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I am trying to define a framed environment (if that's the right term) that is essentially a box with some space before and after it. I can't to figure out an idiomatic way to automatically add space before and after it.

This is a skeleton of what I have:

%&context

\defineframed
  [Callout]
  [offset=1em]

\starttext

I want an automatic space after this paragraph.

\Callout{There is no space above or below the frame}

I want an automatic space before this paragraph.

\stoptext

I found the top and bottom options, but these add space within the frame, rather than around it. I might be missing something, but can't find something like before and after on the wiki (setupframed).

I've been able to add some space using \prependvalue{Callout}{\blank[big]}, but this does not seem idiomatic.

1 Answer 1

5

Judging from your short example I assume that you are looking for framedtext rather than framed. That one supports before and after.

\defineframedtext
  [Callout]
  [offset=1em,
   width=fit,
   before={\blank[big]},
   after={\blank[2*big]}]

\starttext

I want an automatic space after this paragraph.

\startCallout
  There is no space above or below the frame
\stopCallout

I want an automatic space before this paragraph.

\stoptext

enter image description here


If you, for whatever reason, don't like the \start...\stopCallout variant and rather want to use \Callout{...} and keep the space before and after, just overwrite the definition of \Callout.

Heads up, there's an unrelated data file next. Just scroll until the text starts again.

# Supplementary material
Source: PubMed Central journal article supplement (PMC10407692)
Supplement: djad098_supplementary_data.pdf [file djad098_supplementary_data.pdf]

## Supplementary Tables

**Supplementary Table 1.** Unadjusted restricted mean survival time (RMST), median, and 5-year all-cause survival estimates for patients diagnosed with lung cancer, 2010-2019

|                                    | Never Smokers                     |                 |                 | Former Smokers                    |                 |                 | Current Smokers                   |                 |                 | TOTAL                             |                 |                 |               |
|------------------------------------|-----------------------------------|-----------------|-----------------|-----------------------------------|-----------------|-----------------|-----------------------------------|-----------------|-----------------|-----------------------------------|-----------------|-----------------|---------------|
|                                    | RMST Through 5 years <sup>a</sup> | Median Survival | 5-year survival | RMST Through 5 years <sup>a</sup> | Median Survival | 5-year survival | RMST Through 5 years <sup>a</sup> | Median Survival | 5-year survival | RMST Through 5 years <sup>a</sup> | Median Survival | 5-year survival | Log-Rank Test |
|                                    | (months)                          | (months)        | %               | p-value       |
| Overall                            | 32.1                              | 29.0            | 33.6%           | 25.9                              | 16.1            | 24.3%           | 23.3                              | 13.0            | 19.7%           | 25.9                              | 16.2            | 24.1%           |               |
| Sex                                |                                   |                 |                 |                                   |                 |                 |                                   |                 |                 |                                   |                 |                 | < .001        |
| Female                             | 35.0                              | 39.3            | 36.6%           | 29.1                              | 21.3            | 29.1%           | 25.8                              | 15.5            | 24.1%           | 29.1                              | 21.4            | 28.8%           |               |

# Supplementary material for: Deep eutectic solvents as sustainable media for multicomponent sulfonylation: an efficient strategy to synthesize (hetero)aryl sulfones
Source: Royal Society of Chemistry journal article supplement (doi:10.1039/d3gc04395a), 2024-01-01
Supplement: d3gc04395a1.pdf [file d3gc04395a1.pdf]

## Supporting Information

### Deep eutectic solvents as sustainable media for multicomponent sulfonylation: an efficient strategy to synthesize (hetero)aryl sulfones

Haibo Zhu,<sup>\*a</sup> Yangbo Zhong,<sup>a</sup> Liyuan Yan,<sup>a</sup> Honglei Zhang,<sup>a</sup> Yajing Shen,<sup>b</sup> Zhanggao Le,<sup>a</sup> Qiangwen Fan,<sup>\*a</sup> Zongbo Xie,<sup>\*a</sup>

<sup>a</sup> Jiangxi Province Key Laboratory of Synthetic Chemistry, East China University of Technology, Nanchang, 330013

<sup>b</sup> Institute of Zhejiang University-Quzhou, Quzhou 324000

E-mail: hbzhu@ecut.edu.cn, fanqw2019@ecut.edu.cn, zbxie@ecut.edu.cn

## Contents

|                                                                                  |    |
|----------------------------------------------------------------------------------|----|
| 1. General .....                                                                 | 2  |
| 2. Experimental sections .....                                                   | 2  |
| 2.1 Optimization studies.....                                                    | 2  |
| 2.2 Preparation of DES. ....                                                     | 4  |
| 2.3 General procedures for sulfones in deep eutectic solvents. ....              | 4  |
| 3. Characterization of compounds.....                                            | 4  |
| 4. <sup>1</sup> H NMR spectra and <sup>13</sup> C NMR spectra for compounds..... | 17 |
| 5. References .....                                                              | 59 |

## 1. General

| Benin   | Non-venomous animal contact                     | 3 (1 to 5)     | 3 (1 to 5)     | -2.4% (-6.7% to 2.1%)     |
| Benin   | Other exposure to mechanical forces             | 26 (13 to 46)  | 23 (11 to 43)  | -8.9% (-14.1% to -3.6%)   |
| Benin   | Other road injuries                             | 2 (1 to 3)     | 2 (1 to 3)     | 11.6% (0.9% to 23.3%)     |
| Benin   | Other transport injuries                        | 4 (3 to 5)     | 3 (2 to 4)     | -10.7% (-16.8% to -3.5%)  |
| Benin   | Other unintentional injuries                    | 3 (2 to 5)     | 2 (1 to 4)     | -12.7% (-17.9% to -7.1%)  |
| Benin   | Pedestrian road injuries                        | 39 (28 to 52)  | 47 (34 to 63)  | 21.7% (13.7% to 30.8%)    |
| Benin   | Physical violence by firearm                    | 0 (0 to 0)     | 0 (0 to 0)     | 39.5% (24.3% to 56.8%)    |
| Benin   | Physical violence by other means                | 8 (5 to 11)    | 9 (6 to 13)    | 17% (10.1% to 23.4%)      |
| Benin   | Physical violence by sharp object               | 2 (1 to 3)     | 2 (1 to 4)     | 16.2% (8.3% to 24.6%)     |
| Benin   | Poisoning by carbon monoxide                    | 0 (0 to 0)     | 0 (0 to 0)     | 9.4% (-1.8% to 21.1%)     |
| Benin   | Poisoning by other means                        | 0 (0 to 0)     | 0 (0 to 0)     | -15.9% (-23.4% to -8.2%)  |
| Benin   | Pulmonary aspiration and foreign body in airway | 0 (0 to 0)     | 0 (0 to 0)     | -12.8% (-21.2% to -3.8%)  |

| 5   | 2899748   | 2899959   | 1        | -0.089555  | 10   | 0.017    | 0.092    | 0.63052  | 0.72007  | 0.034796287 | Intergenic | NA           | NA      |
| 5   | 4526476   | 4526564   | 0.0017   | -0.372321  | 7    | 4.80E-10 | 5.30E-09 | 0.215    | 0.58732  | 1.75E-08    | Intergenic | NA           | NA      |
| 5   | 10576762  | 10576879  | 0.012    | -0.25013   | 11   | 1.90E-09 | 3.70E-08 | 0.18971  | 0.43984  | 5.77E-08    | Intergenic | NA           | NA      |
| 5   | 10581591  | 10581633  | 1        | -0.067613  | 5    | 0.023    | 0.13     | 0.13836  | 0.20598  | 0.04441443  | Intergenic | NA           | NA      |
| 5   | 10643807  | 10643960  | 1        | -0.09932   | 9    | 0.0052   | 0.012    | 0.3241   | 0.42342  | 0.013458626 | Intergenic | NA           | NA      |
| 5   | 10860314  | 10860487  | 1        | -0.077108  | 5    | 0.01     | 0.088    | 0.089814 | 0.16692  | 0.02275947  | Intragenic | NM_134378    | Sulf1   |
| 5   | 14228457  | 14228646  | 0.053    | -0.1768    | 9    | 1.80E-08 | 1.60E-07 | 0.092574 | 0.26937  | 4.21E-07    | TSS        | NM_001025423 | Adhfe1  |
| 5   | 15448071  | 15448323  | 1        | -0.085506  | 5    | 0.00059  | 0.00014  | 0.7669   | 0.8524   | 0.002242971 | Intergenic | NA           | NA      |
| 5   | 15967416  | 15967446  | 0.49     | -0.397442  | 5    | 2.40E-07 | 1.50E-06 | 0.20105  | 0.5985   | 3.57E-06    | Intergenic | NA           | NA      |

\starttexdefinition unexpanded singleempty Callout [#1]#2
  \startCallout[#1]#2\stopCallout
\stoptexdefinition
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  • In case anyone else runs into the same issue as I had, note the use of \startCallout and \stopCallout with the \defineframedtext. I had initially tried to use \Callout{} with \defineframedtext, the same way as with \defineframed and the before/after arguments did not behave as expected.
    – ssokolen
    Aug 19, 2017 at 21:46
  • 1
    @ssokolen This is because they use different mechanisms. \startCallout invokes \pack_framed_text_start whereas \Callout uses \pack_framed_text_direct. The direct version has \blank[disable] inside of it. Aug 20, 2017 at 2:38

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